If you’re on a tighter budget, you may be able to get a better deal if you’re willing to wait to book until you get there (though of course this carries a certain amount of risk on the top of a mountain).
Rumor has it that there are even cheaper local dorms on the summit, but you’ll likely need a fair amount of Mandarin (or friend who speaks it) to find and secure one for the night.
Where to stay in Tai’an
The night before the hike, we stayed in Tai’an (often referred to as Taishan City).
It’s worth keeping in mind when you are looking for accommodation that Tai’an is a sprawling city with some two million residents.
While there are a few international brand hotels (e.g. Ramada, Holiday Inn Express), they typically tend to be located far from the beginning of the main route up Mount Tai.
The good news is that the main rail station where you’ll likely arrive (Taishan Railway Station) is not far from Red Gate or Dai Temple (the two most popular starting point for Mount Tai climbers).
And…that there are a smattering of serviceable accommodation in and around this area.
However, if you are an English-speaking foreigner with no (or very limited) Mandarin speaking skills (like us), your best bet by far is going to be the Taishan International Youth Hostel (which is where we ended up).
Be forewarned, accommodation here is still fairly basic. But you have a good chance of one of the staff speaking some English, and stand the best chance of running into the one other foreigner in the whole city planning their own climb up Mount Tai.
Is an overnight stay in Tai’an necessary to climb Mount Tai?
An overnight stay in Tai’an may not be necessary if you’re pressed for time, given that Mount Tai opens very early and remains open very late (perhaps even 24/7, but this is 100% dependent on ticket office hours).
Three young Chinese guys at our hostel woke up around midnight to begin their journey up the mountain in time to watch the sunrise from the top.
And, in fact, watching the sun rise atop Taishan seems to be the main attraction and even principle motivation for the long slog up Mount Tai in the first place.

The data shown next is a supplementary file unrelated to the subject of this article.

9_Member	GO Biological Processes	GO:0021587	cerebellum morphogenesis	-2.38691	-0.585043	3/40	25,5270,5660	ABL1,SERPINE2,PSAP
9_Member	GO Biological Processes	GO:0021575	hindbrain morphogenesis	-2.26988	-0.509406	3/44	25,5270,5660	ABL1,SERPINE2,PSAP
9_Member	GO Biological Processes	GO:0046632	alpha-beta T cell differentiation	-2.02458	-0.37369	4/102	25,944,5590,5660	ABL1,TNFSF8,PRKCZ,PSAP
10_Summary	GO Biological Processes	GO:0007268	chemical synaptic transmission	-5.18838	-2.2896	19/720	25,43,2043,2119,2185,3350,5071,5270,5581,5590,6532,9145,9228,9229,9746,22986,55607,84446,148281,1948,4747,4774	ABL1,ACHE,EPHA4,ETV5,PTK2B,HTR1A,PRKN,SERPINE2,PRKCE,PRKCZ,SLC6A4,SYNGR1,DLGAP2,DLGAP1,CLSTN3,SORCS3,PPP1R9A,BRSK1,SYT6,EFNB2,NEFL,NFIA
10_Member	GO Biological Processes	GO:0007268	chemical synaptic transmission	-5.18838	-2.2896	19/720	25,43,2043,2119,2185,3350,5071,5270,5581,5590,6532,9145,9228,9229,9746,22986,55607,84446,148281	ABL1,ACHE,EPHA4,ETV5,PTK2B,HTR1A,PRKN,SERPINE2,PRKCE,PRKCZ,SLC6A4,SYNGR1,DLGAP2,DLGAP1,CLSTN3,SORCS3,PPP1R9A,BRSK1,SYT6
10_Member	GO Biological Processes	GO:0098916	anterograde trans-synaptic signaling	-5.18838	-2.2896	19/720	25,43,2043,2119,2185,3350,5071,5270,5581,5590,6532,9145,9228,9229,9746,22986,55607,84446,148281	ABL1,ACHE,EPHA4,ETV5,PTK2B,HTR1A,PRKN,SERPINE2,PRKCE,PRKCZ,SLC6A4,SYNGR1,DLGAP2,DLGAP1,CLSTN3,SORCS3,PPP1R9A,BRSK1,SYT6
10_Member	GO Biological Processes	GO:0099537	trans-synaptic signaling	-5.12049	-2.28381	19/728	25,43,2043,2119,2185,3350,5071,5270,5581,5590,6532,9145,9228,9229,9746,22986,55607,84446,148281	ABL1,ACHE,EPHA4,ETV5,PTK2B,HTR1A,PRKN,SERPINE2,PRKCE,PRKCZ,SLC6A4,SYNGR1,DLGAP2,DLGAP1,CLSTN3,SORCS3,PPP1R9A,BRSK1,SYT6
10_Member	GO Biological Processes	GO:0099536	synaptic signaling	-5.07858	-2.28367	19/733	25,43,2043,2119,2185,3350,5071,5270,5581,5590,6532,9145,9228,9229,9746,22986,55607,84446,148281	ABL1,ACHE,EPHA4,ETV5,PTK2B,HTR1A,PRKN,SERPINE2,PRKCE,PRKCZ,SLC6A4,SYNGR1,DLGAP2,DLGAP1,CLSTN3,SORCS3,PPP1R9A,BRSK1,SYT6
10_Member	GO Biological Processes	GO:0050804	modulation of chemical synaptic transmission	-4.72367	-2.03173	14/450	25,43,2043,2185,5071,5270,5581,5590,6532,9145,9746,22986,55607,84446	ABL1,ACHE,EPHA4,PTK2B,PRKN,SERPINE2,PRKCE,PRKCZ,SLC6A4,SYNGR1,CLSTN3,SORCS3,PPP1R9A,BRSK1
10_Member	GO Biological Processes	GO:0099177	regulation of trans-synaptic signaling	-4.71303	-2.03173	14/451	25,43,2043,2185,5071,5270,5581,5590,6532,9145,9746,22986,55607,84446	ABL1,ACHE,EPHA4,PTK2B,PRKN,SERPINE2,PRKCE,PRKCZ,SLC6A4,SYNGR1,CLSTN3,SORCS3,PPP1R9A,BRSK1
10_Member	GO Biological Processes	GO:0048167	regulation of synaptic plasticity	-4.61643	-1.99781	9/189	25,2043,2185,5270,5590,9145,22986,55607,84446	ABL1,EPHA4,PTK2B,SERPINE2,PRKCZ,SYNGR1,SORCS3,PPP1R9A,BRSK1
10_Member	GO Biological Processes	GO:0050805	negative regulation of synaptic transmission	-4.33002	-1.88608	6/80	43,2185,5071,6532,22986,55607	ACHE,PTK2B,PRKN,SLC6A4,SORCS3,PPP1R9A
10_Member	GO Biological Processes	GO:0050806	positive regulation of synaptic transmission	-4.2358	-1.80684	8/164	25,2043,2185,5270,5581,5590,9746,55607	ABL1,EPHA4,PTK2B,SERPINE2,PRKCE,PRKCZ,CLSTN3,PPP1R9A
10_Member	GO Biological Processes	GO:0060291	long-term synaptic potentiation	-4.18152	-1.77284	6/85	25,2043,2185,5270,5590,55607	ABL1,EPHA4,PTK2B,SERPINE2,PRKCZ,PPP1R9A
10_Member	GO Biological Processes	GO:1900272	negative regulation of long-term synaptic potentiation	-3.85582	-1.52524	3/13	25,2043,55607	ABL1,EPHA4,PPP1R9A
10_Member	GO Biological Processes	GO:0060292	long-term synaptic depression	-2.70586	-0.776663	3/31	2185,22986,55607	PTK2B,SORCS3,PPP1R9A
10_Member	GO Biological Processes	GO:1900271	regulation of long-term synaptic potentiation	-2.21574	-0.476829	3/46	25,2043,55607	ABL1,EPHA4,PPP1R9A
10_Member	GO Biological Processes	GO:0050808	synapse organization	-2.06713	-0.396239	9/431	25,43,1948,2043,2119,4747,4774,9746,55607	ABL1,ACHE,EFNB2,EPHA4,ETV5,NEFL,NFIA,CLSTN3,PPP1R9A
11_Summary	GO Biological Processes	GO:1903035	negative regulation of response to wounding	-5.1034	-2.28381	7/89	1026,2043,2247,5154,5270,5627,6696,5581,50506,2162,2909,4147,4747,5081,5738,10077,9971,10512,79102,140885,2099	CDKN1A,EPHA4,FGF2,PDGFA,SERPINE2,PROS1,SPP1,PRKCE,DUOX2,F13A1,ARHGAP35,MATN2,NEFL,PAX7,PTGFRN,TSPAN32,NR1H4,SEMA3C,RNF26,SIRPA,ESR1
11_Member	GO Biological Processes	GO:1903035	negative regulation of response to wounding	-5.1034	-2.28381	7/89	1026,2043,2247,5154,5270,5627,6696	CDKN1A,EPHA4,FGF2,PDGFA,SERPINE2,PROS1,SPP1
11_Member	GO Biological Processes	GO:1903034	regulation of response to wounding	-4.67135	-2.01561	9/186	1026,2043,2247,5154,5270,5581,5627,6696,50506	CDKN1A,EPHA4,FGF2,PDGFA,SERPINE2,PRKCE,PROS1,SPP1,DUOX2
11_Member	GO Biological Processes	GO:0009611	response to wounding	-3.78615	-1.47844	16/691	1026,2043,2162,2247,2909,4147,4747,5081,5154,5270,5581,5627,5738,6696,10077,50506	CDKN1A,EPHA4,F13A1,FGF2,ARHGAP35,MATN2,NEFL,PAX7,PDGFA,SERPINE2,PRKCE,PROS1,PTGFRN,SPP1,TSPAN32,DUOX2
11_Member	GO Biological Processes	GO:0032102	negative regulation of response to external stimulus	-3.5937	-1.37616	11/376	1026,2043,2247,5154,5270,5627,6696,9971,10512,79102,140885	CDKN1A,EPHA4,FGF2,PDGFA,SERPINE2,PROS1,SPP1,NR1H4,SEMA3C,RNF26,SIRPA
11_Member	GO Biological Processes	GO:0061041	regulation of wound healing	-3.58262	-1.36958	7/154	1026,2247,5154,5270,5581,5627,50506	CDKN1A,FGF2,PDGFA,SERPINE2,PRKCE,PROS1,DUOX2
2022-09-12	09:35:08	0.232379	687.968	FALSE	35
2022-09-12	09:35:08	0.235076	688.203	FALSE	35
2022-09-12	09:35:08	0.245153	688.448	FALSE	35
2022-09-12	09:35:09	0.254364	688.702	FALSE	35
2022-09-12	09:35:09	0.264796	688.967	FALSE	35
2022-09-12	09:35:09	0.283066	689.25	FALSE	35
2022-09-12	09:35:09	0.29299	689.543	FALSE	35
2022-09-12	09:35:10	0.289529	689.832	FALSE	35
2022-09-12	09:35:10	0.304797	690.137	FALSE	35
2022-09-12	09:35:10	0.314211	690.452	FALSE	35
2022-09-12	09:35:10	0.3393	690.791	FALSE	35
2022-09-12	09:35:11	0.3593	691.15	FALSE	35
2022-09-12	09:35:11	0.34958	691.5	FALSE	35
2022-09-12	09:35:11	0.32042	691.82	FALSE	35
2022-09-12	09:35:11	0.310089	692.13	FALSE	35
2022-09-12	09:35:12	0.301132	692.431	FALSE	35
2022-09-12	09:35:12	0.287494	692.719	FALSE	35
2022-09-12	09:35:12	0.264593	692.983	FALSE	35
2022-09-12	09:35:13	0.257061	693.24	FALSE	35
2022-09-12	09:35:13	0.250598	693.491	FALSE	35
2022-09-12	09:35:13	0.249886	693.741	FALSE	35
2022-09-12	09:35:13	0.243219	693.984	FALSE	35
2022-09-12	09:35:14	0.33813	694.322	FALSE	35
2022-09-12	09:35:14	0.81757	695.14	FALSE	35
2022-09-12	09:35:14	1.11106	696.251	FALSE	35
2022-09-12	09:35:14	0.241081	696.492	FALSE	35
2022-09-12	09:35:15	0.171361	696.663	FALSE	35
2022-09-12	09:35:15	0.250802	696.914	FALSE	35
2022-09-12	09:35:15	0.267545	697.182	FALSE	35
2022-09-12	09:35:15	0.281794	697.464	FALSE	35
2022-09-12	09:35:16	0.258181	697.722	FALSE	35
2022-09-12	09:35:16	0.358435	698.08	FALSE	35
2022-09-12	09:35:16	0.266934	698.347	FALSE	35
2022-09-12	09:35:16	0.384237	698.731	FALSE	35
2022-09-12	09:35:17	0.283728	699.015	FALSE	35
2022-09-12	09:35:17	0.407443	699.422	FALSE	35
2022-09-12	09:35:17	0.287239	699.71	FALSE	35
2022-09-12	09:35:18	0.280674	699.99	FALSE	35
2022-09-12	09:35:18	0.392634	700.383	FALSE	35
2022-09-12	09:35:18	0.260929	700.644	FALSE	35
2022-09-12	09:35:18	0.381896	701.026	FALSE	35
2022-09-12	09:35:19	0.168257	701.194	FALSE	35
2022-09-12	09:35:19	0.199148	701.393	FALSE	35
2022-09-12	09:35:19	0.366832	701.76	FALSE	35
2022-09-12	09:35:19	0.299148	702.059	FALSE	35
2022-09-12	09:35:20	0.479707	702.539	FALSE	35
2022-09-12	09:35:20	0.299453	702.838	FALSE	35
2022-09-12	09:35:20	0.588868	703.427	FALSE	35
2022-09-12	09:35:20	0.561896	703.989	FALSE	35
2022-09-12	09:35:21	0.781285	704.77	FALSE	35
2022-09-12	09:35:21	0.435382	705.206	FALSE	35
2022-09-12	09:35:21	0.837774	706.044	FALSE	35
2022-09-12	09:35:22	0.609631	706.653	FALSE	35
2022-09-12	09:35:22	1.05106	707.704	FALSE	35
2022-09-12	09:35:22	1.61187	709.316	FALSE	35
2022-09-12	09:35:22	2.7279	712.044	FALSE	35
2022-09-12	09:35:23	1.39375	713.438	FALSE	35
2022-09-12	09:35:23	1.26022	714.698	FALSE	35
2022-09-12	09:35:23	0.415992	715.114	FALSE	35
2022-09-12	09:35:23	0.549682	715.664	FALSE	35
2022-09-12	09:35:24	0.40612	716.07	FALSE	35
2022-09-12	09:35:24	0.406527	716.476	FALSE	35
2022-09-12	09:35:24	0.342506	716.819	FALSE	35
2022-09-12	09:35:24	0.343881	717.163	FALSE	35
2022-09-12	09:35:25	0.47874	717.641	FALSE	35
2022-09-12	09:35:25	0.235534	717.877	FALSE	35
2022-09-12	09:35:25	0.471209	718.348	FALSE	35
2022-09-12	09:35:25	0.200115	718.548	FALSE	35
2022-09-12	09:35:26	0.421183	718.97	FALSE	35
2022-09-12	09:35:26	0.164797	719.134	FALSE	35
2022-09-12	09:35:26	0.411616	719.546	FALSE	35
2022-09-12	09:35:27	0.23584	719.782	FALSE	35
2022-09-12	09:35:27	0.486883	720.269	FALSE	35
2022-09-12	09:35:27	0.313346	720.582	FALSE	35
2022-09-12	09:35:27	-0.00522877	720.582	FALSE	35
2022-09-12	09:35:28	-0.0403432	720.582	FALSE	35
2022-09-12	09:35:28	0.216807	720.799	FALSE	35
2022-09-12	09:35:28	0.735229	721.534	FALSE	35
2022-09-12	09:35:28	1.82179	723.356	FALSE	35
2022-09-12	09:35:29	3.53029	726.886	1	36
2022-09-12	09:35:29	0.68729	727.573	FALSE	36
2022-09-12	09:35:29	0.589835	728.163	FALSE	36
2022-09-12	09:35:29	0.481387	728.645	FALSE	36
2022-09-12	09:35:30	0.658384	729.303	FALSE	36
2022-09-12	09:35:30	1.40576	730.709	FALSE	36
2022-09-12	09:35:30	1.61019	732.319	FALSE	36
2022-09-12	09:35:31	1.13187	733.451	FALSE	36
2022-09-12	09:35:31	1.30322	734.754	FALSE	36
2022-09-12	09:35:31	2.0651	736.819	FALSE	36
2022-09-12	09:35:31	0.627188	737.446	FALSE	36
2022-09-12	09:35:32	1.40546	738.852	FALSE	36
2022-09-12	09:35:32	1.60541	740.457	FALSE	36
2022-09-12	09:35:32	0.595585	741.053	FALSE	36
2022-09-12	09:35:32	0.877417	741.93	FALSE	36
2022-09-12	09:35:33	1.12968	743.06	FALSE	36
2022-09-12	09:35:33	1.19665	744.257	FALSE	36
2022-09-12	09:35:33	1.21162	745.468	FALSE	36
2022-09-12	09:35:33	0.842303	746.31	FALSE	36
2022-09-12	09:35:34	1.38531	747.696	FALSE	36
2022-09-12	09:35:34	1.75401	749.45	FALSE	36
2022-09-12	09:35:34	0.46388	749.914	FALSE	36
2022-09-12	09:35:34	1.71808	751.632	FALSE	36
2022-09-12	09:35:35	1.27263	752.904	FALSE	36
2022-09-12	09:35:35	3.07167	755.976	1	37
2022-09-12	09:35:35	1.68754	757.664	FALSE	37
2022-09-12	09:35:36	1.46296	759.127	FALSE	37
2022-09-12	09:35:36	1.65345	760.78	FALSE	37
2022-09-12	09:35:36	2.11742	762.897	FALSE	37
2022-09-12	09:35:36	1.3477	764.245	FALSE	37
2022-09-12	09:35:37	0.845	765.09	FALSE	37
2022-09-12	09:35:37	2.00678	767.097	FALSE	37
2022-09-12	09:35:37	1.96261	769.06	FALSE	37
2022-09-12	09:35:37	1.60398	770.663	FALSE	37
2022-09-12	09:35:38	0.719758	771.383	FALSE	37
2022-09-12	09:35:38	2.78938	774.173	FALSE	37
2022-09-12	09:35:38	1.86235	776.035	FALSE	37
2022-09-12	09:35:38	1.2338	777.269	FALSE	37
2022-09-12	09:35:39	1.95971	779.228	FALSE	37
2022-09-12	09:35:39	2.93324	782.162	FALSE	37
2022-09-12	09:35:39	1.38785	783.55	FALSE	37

This might be a good time to talk breakfast. You’re going to need a good, hearty breakfast to start your journey given that there aren’t many places along the way to get a proper meal before the summit.
At the time of writing, our hostel had two choices: American breakfast and English breakfast (same as the American, but adds a tomato… for the same price).
Lori and I chose to eat breakfast at our hostel because it was easiest, but we didn’t find the meal terribly filling, or tasty, or that cheap.
In retrospect, a better option might have been grabbing breakfast at the McDonald’s (one block north and about two large blocks west of the hostel).
If you’re looking for powerfood for climbing mighty Mount Tai, you’re just going to have to bring your own muesli, porridge, oatmeal, fruit and yogurt, or whatever is considered a power food breakfast these days (that all sounds quite delicious, but quite unrealistic in Tai’an).
And of course, if you’re into noodles in the morning, noodles in the evening, noodles at suppertime…there are always noodles (instant and otherwise) to be had nearly everywhere.
What to Pack
For climbing Mount Tai, you won’t need a ton of gear. But there are a few essential items you’ll want to be sure to pack.
Our best advice is to PACK LIGHT! After all, you’ll be climbing 6,300 steps.
If you plan to stay the night in Tai’an on either side of your trek, be sure to use this to your advantage by asking to leave your longer-term travel gear at your hostel or guesthouse.
There are also a few places offering Left Luggage (storage) services in the Red Gate area near the beginning of the route.
Your top two priorities climbing Taishan Mountain will be to stay hydrated and protect yourself from sun exposure.